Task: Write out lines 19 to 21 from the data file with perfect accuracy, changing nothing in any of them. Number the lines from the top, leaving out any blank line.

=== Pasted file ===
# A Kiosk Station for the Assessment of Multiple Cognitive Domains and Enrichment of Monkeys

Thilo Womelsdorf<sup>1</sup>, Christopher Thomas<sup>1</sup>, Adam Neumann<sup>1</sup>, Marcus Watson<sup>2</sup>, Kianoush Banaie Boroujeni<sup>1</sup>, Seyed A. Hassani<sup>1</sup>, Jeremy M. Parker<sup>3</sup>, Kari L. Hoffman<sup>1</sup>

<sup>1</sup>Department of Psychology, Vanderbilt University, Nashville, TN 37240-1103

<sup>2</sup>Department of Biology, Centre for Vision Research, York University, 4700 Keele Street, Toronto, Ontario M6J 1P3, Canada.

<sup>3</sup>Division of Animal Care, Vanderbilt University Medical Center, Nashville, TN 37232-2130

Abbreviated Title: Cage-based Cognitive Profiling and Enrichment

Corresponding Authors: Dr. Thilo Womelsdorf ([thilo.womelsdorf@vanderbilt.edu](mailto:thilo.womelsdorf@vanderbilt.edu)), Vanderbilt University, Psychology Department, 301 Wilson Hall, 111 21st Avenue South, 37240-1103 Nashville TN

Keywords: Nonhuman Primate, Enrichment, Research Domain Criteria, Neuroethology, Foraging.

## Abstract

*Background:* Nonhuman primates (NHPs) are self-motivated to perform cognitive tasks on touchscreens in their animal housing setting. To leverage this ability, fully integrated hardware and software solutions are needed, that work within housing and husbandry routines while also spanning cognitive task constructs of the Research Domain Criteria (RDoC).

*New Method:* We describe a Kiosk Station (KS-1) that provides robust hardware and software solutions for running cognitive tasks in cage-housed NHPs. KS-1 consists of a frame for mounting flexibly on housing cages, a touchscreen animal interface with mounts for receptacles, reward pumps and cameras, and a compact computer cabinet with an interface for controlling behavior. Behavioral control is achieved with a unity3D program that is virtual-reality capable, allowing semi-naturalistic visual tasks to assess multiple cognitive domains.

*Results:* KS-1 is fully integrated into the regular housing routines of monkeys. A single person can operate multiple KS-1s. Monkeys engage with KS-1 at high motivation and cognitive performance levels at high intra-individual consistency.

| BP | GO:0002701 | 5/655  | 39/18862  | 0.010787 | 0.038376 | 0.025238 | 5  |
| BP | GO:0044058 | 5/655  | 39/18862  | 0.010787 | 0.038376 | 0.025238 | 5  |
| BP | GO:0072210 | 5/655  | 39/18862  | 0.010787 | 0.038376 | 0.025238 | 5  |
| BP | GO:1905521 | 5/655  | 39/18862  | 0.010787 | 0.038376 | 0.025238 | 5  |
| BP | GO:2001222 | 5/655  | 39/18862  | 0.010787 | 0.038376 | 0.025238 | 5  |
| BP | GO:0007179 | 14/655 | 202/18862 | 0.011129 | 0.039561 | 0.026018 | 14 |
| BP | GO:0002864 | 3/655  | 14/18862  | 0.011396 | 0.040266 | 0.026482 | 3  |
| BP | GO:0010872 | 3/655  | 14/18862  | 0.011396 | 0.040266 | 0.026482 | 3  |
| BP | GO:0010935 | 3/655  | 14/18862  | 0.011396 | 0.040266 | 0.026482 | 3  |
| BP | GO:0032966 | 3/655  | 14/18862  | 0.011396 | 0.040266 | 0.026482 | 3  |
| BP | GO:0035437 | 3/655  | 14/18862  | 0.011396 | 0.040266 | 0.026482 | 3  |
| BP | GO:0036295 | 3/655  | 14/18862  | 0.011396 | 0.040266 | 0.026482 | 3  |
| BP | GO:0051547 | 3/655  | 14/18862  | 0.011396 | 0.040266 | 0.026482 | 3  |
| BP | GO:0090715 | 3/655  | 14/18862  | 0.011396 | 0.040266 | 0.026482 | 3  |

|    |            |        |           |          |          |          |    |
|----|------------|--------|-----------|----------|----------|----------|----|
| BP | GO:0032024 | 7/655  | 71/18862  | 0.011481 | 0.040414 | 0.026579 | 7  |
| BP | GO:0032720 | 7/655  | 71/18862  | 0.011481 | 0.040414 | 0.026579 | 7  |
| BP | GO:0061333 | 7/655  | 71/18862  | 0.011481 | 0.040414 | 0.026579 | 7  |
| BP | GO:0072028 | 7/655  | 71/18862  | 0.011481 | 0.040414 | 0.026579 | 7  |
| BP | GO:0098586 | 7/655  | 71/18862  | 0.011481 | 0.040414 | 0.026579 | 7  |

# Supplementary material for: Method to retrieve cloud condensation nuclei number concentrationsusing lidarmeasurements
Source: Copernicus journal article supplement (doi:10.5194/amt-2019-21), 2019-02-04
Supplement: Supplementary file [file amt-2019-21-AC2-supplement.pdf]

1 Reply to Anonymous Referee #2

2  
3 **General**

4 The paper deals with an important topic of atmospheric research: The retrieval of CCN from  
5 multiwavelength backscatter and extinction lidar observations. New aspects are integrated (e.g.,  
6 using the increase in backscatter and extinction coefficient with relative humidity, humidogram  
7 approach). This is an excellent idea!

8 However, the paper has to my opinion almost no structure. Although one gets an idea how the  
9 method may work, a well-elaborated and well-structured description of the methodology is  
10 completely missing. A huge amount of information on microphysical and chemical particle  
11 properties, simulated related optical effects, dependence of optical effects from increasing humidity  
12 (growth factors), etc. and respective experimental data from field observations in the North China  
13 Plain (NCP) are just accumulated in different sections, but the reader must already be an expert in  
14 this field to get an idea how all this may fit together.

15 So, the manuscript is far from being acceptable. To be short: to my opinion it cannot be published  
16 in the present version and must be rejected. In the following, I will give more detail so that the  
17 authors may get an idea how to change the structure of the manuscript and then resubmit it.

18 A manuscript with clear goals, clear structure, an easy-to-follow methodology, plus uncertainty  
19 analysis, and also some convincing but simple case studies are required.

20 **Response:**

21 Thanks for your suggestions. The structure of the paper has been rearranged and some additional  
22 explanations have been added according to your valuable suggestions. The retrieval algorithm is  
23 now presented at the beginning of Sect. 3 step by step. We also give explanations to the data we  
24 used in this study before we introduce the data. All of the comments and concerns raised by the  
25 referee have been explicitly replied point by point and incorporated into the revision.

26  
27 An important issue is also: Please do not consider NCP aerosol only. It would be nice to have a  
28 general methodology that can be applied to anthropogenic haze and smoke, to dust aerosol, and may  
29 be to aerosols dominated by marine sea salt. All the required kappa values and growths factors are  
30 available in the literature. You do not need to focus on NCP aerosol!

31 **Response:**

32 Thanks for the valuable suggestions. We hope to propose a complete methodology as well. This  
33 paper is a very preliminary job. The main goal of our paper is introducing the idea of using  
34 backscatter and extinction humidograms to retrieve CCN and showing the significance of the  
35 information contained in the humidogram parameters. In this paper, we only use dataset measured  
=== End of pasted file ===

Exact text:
| BP | GO:0002864 | 3/655  | 14/18862  | 0.011396 | 0.040266 | 0.026482 | 3  |
| BP | GO:0010872 | 3/655  | 14/18862  | 0.011396 | 0.040266 | 0.026482 | 3  |
| BP | GO:0010935 | 3/655  | 14/18862  | 0.011396 | 0.040266 | 0.026482 | 3  |